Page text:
I first wrote about Treyvon Martin weeks ago. I finally blogged about it last week. But there was always a thought in the back of my mind that something was wrong.
Anyone who knows me will tell you that I don’t follow the crowd. When most people zig, I zag. And my friends routinely call me because I don’t live in the echo chamber that surrounds like-minded individuals. My favorite Saturday afternoon is reading a book by Milton Friedman, while listening to Tavis Smiley and Cornell West after I catch up on my podcast of Rush Limbaugh’s shows. Put simply…I am not your average bear.
But it took a lot – I think it was the screeching shouts by race hustler Al Sharpton, or maybe it was the trademark registration, or the legislators wearing hoodies at the statehouse – for me to start rethinking this Trayvon Martin thing. But the first inkling I had that something wasn’t quite right was when I found out Trayvon was suspended from school for 10 days and no one would say why.
Now a school suspension isn’t a big deal. I’ve never been suspended from school, though and if my child ever got suspended from school he’d be on lock down for sure, no cell phone, no NBA all-star game and yes, no Skittles. But that’s just me…
Still being suspended from school doesn’t make you worthy of death. But, let’s just say the seed was planted. Because as a journalist I think of the world in stories. But not in the way PR people do – like the firm working with the Martin family. PR and marketing professionals think of stories in rigid storylines, good vs. evil, bad vs. good but I, having been a police reporter for two years, on and off for eight years, know that life doesn’t fit neatly into those 60-minute television dramas like “Law & Order.” Bad men do good. And good men do bad. There are no true villains and heroes.
So when the storyline started getting more like an after-school special than real life the questions started to come.
Was it racism? Was he an innocent boy? Was George Zimmerman a wanna-be cop vigilante hell bent on stopping the “coons,” from robbing his neighbors?
Was Trayvon a thug, whom neither his parents, nor school officials could not control and rejecting their responsibility they unleashed this hood on upon unsuspecting innocents? Or was Trayvon a kind and compassionate kid who washed cars, wanted to be a pilot and took care of his disabled uncle?
These questions all asked do not really matter. What matters for the level-headed is 60 seconds of silence. It’s the 60-seconds that followed Trayvon’s interrupted cell-phone conversation with his girlfriend and proceeded George Zimmerman standing over a dead teen telling a bewildered woman to call the police. There were only two witnesses to those 60 seconds and one of them is dead.The other one killed him and well…here we are.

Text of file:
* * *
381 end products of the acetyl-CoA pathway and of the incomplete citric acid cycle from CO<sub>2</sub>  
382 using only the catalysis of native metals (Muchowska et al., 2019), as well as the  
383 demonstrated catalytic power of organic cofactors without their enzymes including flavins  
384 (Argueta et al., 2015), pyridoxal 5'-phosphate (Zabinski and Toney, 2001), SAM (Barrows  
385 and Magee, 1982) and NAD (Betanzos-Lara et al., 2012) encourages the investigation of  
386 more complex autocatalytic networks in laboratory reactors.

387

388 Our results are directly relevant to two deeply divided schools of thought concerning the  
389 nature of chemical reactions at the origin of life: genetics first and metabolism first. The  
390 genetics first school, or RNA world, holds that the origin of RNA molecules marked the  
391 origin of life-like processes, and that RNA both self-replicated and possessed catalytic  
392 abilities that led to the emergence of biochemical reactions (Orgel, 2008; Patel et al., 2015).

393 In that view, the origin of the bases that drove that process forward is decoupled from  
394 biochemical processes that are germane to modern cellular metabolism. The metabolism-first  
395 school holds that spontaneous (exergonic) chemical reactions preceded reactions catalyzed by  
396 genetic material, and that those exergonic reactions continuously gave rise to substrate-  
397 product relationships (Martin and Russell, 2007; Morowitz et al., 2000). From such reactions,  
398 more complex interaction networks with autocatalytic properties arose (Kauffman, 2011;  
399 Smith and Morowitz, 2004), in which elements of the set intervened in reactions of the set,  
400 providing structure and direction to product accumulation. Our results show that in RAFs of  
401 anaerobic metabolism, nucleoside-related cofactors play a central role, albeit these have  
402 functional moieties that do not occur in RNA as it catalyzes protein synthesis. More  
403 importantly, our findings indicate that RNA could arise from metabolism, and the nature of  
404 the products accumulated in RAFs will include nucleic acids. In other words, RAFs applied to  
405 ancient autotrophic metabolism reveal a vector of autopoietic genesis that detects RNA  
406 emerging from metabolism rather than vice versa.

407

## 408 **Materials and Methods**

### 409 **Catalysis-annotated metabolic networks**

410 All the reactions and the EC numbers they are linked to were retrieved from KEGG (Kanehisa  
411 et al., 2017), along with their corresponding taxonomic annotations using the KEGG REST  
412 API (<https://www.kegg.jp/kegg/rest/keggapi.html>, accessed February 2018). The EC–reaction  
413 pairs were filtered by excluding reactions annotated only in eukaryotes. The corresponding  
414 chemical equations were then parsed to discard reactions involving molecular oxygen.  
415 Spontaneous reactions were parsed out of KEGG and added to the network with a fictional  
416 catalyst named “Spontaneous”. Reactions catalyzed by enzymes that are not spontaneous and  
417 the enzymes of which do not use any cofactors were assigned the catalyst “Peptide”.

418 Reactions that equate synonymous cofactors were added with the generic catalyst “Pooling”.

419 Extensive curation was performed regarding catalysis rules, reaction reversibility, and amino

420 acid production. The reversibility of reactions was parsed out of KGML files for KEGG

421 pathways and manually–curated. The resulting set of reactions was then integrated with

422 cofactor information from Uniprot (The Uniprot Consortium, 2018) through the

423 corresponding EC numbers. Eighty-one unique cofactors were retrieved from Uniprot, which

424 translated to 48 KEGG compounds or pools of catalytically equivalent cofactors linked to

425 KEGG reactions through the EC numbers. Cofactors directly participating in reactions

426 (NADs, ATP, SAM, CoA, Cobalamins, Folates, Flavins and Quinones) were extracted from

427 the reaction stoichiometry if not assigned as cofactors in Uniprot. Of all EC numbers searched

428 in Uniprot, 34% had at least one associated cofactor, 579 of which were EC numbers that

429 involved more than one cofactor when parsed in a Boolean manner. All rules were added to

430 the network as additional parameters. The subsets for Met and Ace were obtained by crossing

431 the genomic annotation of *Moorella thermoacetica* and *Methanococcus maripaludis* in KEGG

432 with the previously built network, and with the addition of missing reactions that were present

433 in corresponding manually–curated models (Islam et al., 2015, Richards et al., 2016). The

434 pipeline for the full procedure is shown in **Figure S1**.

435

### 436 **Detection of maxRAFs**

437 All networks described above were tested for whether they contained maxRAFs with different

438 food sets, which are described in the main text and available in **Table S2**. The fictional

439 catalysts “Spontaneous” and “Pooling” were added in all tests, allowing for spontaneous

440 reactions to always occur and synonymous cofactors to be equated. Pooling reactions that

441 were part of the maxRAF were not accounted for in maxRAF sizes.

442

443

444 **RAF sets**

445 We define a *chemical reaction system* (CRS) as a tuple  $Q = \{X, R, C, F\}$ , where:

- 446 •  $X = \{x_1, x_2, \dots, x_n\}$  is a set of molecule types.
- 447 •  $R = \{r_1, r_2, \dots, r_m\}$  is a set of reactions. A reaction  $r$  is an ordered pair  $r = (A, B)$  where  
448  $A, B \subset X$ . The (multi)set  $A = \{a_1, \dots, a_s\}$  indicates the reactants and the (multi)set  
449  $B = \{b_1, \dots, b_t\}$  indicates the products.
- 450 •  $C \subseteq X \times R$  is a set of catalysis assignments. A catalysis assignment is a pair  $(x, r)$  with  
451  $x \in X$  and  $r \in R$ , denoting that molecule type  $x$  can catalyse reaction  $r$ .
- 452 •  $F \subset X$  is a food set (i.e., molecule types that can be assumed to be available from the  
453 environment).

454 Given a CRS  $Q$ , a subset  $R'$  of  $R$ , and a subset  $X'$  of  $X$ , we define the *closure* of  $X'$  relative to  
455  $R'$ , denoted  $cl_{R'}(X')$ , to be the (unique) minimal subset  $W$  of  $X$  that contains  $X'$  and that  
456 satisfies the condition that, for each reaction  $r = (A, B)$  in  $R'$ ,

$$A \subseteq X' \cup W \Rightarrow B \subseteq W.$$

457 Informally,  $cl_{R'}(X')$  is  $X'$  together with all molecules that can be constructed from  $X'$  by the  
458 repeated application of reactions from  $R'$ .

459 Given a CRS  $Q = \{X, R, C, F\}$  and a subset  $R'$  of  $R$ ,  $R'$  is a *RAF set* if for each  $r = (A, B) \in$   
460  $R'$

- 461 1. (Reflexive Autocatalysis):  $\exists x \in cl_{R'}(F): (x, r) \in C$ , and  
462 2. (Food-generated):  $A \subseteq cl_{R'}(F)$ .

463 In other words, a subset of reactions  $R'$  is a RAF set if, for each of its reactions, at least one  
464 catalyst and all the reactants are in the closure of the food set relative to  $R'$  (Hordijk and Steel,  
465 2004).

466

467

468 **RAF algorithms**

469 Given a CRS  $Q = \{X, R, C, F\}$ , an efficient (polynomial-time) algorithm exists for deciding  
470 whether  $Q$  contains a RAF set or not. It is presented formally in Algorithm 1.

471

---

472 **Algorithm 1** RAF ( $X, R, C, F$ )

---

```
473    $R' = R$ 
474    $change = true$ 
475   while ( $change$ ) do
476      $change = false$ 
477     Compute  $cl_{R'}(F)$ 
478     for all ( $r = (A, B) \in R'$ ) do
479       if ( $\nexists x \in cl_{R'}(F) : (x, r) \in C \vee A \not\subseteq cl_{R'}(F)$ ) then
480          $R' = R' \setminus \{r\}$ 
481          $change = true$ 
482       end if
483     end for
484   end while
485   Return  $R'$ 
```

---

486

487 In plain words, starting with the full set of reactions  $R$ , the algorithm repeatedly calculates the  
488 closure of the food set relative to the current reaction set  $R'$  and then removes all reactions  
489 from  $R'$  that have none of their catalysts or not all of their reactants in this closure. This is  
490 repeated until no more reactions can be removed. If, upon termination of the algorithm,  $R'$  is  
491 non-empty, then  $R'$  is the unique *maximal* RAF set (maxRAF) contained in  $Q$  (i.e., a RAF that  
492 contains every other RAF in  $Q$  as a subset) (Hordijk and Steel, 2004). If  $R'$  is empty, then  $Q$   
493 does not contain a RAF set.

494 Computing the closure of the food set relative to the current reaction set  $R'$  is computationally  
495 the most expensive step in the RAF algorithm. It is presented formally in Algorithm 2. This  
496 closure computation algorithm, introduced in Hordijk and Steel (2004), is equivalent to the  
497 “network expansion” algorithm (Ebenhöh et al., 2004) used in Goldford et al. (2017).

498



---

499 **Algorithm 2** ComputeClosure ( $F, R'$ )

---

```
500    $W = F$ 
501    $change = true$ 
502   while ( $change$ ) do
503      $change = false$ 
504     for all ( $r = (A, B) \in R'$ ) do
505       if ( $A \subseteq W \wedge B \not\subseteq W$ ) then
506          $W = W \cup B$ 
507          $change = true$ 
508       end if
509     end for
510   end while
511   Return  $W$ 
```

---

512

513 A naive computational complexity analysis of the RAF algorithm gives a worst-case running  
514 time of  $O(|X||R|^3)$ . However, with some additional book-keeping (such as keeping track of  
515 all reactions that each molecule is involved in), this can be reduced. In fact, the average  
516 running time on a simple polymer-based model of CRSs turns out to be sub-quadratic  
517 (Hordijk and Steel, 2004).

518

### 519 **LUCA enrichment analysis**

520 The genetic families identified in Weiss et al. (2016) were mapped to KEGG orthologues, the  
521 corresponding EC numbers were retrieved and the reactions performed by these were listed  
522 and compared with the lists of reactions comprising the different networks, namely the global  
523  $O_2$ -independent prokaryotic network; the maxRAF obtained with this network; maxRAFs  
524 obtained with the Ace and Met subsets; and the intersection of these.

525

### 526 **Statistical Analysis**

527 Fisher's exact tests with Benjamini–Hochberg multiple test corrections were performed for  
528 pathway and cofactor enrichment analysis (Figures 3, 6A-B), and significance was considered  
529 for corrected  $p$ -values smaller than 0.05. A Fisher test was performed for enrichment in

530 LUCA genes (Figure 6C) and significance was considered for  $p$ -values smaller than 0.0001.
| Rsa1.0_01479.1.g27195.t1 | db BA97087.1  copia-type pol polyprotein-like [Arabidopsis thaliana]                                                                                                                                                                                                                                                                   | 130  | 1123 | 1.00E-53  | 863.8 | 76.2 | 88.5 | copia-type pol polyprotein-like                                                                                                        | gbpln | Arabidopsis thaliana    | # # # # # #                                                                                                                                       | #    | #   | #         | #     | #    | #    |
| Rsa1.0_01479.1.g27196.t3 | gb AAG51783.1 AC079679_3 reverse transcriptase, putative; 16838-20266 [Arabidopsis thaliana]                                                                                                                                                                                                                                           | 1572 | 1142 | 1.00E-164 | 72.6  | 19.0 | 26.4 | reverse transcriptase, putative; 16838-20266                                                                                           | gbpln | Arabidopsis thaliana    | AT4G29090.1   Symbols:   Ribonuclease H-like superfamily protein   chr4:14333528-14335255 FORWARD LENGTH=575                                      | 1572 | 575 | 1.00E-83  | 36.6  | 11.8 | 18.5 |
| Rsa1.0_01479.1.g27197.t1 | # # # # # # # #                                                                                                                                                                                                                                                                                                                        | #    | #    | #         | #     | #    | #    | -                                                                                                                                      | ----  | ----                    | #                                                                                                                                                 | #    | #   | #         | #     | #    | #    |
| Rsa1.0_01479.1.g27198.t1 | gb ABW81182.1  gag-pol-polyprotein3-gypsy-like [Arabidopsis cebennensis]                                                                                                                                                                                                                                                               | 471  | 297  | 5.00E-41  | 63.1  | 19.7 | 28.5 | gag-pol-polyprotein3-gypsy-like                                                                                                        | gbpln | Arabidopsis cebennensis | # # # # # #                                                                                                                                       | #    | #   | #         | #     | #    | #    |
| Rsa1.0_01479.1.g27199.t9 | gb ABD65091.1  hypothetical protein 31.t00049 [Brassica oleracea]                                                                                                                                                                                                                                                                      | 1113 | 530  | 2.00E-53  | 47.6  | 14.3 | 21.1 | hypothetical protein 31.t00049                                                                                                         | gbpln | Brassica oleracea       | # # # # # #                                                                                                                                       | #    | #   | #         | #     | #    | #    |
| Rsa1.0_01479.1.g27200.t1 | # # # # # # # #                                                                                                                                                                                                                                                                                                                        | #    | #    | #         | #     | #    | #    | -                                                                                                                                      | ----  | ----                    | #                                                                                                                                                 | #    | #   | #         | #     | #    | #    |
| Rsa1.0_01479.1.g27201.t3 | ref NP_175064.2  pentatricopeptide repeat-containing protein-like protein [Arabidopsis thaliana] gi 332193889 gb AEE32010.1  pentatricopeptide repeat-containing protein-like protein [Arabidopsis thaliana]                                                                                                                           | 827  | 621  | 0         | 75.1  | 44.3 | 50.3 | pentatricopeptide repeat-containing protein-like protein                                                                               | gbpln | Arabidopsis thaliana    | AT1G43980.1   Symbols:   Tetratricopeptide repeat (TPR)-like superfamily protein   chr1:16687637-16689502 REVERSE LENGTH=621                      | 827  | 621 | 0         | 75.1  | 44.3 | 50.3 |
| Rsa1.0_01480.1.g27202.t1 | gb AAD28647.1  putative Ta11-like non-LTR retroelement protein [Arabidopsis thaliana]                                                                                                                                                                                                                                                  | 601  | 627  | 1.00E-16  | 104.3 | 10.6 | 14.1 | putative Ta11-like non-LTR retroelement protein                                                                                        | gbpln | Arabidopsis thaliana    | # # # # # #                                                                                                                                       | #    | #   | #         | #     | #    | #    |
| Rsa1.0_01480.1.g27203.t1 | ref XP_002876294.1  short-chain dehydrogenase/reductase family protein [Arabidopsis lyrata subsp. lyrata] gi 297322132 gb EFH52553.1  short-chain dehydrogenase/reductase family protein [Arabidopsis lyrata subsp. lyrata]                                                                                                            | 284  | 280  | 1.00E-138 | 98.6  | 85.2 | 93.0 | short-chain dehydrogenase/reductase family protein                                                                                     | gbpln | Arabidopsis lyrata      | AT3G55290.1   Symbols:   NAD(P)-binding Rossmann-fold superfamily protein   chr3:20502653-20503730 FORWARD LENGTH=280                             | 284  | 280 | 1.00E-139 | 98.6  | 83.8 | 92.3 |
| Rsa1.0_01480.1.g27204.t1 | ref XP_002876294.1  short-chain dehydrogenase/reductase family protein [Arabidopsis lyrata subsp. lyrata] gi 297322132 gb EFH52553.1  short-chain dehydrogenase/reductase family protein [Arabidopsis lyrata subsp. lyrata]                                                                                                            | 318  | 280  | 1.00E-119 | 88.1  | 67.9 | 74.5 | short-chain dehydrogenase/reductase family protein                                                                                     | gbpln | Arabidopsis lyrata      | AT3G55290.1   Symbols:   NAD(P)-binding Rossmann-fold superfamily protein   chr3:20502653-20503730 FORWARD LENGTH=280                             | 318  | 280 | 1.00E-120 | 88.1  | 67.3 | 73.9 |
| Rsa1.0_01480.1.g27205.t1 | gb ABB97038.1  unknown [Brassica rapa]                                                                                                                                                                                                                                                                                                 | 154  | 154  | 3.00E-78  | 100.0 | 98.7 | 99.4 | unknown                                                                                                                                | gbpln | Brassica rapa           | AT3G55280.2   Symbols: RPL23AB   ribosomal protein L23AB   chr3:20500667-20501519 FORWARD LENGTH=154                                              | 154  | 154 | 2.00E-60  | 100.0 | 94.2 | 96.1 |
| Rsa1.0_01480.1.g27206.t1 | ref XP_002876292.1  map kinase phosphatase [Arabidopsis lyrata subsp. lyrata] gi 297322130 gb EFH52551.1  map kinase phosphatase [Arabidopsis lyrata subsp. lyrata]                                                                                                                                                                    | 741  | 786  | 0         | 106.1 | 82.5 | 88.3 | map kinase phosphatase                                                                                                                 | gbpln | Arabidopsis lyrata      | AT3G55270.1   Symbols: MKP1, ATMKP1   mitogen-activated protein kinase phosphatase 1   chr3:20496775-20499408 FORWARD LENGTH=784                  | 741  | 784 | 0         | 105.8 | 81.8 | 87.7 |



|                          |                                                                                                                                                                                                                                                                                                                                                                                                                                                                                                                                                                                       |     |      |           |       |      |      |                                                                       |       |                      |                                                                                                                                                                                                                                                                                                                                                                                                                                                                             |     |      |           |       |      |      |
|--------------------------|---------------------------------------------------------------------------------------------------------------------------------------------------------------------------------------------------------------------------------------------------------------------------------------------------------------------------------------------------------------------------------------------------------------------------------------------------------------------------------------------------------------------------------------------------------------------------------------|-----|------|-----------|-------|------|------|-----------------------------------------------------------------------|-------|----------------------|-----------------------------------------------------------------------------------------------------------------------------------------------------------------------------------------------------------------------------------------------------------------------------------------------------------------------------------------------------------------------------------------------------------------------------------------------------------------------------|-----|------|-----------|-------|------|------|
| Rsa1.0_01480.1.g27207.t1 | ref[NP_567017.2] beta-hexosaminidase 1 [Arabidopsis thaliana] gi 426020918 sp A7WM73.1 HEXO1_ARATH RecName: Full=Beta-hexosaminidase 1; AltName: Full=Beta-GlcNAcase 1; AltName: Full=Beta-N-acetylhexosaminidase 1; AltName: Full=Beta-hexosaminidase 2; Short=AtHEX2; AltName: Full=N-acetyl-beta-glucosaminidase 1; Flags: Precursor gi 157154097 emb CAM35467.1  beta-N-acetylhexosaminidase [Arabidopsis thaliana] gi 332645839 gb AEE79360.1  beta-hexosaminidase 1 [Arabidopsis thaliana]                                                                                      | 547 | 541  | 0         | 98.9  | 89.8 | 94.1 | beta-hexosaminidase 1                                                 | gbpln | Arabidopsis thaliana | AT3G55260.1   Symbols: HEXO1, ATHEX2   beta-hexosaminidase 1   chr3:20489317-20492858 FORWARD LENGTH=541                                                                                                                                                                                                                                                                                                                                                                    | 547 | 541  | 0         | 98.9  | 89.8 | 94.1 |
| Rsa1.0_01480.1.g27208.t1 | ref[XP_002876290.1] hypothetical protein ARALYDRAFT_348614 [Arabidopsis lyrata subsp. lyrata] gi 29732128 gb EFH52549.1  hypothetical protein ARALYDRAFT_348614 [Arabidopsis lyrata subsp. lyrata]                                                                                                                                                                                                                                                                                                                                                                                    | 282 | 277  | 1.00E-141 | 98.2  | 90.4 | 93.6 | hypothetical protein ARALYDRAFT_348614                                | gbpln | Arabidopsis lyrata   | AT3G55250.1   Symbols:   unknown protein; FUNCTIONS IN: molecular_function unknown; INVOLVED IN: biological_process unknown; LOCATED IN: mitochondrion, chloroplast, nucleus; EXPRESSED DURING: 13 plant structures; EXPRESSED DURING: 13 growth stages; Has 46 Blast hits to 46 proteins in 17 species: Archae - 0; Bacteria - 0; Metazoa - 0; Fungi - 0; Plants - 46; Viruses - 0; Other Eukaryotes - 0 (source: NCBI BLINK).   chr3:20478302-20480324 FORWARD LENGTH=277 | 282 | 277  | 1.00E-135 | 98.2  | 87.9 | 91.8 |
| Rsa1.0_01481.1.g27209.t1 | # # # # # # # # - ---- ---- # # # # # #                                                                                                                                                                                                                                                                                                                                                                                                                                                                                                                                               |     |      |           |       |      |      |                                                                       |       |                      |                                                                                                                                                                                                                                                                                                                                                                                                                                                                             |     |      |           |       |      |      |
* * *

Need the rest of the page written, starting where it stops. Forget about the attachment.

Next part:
The facts of this case are short and the speculations could fill the Library of Congress.
I have no doubt that if George Zimmerman had done what the 911 dispatcher told him to do Trayvon Martin would be alive. I do not think this shooting was an accident. And I believe that no teen – no matter if he’s wearing a hoodie or an altar boy robe – should live in fear that some man will blow him away if they questioned him. No child deserves that death.
That’s what I believe. That does not stand up in court. And that is not fact. The fact is there are no real answers – at least not yet- to either set of questions. George Zimmerman deserves an unbiased trial but the PR machine backing this case isn’t going to give him one. I am not defending him, I’m defending the constitutional right for all Americans – black, white, Asian, Latino, Native America, Mestizo whatever – to be tried for our crimes in front of a jury of our peers.
I am chilled and scared that lawmakers are trying to skip that part. When a U.S. lawmaker says they will not rest until a person is arrested when there is not evidence yet that there is a crime well, my alarm bells go off. When Congress starts telling state prosectuors who to put behind bars that put chills up my spine. Because that’s exactly what happened during Jim Crow. And we don’t want to return to that system of injustice. Injustice anywhere – even against an armed suspect who shoots a teenager- is injustice everywhere.
Justice may not be blind but she shouldn’t be social media to death either.
As I’ve been gorging on the media over Trayvon’s death I’ve seen headlines that make me roll my eyes with such fervor I fear I’m going blind soon. The ignorance of the general public always comes out on things like this. I saw it with Kony 2012, with The Hunger Games and now with Travyon Martin. Any idiot with a keyboard is giving legal opinions. But the media circus, fueled by the social networks is in full spin and real journalists are too busy trying to keep up with the merry-go-round to do any real investigating.
- Why hasn’t anyone reported about this so-called legal defense fund for Trayvon. Um he’s not the one on trial? Who are we paying for?
- What is the Justice (trademarked mind you) for Trayvon Martin donation campaign – over 485 donors have given to the effort. From the website “These monies are for the family to cover the advocacy and other cost associated with the pursuit of justice on behalf of their son Trayvon Martin. ” I read “lawyer fees,” and the fancy law firm of Parks and Crump don’t come cheap. They also make good money scoring $8 million judgement against city boot camp after the death of a teen. The guards escaped jail, a jury acquitted them but they didn’t escape the bank.